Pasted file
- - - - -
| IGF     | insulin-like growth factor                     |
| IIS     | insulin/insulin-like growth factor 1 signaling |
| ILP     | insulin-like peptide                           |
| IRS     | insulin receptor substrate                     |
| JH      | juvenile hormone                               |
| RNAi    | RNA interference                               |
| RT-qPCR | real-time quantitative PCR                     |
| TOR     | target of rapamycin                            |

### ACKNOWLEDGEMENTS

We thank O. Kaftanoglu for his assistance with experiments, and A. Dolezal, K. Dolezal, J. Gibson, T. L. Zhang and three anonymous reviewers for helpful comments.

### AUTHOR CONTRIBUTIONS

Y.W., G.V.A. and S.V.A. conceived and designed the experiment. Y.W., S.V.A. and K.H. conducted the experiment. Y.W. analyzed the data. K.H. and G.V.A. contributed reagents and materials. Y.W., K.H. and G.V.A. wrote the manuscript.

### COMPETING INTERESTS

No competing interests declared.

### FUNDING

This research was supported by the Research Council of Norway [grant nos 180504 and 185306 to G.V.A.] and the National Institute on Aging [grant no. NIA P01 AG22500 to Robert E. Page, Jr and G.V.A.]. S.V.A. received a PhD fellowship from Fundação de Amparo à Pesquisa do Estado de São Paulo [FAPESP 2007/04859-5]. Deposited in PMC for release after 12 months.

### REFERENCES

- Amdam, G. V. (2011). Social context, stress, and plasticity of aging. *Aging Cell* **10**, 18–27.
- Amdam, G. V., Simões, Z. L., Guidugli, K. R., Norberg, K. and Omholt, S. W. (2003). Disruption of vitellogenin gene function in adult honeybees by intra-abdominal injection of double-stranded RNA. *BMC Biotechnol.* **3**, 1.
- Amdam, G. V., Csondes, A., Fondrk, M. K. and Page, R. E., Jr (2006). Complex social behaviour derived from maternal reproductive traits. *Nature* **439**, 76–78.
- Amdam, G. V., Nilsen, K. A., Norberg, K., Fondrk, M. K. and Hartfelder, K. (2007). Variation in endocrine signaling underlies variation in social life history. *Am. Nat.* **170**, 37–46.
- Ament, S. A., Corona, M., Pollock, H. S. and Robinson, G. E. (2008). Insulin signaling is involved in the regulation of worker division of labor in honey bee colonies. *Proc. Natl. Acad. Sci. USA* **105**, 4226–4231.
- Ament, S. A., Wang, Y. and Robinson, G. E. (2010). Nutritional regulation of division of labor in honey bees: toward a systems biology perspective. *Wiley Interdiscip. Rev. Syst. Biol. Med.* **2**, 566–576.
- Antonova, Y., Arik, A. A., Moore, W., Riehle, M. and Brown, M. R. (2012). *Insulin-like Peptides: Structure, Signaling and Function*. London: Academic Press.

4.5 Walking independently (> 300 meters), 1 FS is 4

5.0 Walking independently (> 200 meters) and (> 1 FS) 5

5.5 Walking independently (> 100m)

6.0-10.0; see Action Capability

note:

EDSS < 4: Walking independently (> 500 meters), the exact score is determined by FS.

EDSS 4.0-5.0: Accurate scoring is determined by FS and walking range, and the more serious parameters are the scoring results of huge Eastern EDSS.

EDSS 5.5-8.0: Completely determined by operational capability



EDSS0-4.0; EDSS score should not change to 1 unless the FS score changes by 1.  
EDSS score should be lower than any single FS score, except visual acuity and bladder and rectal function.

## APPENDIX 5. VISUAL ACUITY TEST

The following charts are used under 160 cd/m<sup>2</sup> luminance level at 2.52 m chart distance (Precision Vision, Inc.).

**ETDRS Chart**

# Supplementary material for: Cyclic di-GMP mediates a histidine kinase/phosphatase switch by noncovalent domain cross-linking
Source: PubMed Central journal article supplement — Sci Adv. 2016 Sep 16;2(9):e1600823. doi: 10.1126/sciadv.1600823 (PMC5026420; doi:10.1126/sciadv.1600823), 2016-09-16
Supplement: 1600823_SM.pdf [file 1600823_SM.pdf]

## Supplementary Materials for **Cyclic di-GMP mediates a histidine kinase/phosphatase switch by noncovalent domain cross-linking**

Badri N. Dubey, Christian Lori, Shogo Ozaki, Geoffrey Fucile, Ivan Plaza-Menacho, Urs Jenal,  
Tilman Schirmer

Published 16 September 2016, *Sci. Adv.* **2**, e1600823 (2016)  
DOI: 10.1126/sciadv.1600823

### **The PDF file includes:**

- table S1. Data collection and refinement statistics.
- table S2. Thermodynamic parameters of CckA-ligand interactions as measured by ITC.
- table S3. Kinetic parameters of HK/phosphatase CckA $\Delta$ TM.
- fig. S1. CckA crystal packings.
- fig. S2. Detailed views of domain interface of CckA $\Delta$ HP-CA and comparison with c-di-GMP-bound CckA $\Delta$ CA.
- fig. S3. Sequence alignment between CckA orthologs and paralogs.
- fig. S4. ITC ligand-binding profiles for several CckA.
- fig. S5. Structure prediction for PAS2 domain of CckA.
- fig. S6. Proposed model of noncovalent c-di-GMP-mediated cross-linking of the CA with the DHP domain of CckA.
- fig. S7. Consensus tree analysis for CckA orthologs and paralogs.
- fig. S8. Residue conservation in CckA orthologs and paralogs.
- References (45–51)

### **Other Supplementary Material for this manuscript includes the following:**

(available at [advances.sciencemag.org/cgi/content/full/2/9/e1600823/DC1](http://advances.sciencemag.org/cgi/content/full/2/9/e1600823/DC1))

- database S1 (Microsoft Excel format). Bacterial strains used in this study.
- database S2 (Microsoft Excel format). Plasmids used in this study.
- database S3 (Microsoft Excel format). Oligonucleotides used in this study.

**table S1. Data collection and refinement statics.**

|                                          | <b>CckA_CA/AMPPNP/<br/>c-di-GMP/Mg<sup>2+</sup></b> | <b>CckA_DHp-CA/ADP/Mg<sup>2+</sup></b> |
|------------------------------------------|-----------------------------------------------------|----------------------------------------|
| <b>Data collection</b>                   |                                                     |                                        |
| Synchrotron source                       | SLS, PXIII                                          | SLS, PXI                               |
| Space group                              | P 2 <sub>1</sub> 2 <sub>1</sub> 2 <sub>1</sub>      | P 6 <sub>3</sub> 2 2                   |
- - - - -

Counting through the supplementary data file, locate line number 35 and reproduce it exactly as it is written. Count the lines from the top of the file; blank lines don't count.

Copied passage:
## APPENDIX 5. VISUAL ACUITY TEST